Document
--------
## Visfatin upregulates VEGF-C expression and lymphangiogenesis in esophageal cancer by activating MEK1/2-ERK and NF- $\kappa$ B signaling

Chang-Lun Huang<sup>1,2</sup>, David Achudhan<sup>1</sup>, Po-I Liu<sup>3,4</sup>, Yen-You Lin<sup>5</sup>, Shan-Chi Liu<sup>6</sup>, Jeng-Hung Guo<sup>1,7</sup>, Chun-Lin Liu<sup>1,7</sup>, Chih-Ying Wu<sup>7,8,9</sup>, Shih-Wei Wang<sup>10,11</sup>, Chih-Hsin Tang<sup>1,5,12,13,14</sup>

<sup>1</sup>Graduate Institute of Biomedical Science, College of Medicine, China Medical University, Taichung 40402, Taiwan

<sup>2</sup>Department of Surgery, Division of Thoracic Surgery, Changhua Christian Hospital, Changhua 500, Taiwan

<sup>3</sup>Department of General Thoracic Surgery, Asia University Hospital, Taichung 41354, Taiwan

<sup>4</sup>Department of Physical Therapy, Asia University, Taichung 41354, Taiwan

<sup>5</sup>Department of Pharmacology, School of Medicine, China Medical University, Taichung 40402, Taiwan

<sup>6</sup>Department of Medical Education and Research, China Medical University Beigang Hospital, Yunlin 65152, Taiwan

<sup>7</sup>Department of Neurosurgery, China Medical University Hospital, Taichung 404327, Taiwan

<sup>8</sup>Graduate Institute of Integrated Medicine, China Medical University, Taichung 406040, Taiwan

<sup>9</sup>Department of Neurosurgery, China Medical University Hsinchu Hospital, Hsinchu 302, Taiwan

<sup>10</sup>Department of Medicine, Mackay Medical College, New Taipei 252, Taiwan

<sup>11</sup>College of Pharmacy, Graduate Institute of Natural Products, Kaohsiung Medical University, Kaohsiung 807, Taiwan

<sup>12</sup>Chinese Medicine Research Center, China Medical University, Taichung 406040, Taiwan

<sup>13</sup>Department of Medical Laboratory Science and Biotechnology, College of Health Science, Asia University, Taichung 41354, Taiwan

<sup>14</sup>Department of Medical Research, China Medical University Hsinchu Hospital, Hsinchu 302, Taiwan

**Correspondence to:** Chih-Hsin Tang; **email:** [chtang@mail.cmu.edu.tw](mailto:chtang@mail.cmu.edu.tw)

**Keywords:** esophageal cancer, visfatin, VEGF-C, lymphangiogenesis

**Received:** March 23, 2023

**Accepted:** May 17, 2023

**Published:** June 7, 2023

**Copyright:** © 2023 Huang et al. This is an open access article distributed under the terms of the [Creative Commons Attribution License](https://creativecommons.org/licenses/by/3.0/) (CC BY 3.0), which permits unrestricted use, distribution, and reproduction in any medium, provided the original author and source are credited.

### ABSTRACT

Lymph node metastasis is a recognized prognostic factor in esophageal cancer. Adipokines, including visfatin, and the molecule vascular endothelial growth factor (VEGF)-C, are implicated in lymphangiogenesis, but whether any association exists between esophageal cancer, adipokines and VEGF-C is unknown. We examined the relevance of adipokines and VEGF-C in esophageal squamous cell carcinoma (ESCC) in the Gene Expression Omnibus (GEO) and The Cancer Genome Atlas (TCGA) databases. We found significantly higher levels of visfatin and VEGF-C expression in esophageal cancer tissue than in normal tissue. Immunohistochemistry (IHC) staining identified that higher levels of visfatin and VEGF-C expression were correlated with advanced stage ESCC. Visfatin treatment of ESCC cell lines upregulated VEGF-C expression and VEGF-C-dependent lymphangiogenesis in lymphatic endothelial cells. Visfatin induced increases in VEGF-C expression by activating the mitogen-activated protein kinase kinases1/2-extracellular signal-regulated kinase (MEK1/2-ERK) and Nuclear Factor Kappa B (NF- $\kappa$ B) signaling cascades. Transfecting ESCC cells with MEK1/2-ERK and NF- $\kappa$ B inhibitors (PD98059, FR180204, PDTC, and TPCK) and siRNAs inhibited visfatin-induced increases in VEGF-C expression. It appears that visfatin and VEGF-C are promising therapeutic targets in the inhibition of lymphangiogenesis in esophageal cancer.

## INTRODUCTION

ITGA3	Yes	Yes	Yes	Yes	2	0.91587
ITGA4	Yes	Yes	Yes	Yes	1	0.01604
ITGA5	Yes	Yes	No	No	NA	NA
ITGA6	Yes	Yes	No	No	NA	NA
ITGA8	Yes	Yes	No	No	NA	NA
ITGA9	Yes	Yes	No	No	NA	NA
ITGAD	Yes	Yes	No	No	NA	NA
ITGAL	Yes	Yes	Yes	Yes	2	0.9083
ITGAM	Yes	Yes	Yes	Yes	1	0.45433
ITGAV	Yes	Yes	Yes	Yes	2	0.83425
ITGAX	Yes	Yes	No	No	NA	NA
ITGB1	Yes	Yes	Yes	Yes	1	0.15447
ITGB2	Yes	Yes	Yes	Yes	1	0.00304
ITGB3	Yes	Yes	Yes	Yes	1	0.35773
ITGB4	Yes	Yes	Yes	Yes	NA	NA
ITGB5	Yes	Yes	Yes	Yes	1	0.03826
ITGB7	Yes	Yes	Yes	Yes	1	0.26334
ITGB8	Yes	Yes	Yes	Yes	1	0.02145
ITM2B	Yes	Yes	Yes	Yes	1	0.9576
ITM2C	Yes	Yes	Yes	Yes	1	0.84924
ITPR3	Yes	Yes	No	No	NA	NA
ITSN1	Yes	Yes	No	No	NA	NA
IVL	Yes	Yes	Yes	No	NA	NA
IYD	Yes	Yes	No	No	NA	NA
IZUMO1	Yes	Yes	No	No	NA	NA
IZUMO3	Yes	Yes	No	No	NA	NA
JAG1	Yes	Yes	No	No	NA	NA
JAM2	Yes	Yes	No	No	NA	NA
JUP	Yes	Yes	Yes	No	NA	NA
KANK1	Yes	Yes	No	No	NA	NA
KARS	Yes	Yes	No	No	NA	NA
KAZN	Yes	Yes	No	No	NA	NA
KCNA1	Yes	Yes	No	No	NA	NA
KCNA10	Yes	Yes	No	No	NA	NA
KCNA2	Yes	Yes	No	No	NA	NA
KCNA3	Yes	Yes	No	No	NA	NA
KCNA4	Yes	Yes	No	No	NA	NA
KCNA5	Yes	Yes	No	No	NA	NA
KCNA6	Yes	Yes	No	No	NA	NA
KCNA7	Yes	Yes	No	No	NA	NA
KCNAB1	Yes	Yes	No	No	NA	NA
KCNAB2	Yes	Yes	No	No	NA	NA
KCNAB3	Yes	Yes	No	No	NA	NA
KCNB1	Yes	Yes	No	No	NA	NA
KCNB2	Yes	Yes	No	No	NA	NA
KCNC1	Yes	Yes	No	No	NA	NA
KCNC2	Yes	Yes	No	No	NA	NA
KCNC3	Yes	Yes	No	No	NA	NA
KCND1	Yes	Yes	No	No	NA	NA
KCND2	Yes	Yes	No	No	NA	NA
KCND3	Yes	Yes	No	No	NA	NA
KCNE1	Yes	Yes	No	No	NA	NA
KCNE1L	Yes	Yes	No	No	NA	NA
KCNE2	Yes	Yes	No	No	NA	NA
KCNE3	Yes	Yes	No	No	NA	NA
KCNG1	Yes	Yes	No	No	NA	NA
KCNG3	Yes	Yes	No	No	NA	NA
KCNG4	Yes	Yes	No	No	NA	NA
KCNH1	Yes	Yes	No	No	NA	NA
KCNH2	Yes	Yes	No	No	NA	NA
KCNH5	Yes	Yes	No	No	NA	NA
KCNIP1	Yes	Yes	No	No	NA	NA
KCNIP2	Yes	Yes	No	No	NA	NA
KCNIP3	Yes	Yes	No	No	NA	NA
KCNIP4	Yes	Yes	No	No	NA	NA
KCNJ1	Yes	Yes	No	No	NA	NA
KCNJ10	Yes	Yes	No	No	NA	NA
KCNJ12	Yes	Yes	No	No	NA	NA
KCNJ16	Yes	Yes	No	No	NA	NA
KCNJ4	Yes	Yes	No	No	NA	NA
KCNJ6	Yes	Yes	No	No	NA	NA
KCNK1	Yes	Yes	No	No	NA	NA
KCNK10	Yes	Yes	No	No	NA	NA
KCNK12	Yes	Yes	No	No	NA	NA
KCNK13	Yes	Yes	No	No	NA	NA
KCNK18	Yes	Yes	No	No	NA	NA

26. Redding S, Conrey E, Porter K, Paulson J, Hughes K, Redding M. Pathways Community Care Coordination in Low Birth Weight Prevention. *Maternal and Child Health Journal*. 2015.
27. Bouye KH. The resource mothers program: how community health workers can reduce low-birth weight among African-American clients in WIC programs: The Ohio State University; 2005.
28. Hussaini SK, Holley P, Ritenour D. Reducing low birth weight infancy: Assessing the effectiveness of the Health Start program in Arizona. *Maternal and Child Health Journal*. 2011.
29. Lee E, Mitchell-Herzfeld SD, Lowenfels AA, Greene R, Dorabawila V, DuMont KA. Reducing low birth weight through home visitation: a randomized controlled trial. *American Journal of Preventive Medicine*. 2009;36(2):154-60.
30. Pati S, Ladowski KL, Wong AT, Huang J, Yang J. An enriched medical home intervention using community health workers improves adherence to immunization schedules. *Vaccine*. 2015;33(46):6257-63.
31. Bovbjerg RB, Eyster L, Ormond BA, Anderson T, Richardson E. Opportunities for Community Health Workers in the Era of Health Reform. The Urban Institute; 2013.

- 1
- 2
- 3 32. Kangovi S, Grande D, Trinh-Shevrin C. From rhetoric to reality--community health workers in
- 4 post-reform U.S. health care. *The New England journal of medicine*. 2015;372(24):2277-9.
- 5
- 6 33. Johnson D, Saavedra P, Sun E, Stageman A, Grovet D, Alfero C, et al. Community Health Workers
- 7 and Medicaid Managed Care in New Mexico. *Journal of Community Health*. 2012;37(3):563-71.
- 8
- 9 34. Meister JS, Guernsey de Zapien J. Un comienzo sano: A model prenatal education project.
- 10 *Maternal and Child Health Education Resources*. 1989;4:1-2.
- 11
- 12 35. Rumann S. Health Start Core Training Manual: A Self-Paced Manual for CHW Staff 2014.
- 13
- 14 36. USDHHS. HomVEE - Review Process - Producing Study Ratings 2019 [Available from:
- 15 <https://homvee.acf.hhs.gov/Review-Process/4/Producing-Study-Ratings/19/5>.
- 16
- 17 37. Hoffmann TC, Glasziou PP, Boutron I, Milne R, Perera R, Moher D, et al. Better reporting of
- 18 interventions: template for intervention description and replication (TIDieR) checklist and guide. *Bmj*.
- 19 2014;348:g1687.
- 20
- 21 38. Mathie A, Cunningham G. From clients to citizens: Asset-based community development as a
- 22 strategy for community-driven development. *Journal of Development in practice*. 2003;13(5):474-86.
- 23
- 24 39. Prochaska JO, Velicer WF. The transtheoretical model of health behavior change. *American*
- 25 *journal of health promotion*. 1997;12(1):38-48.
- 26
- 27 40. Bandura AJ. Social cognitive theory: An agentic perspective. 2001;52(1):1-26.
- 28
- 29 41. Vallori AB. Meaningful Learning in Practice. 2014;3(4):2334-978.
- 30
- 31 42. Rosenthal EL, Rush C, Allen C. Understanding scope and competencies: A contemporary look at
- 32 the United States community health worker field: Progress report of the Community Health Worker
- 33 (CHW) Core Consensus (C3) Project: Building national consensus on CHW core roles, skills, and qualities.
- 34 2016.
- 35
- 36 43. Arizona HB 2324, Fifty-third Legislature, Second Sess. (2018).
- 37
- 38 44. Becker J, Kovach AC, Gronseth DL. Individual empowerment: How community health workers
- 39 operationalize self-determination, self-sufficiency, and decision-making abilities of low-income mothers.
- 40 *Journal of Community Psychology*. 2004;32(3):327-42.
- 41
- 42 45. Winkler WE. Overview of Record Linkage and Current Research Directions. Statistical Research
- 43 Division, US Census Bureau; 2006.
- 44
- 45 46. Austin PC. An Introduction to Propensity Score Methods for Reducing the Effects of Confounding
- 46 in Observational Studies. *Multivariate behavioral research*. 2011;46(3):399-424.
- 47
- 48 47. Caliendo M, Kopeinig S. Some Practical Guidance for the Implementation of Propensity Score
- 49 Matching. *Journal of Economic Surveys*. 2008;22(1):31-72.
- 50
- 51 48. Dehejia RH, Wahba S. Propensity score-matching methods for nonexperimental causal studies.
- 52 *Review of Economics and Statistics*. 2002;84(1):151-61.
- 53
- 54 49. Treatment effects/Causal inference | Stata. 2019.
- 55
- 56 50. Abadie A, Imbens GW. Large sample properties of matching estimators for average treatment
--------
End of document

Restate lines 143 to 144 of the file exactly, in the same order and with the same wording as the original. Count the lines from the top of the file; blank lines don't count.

- 36 43. Arizona HB 2324, Fifty-third Legislature, Second Sess. (2018).
- 37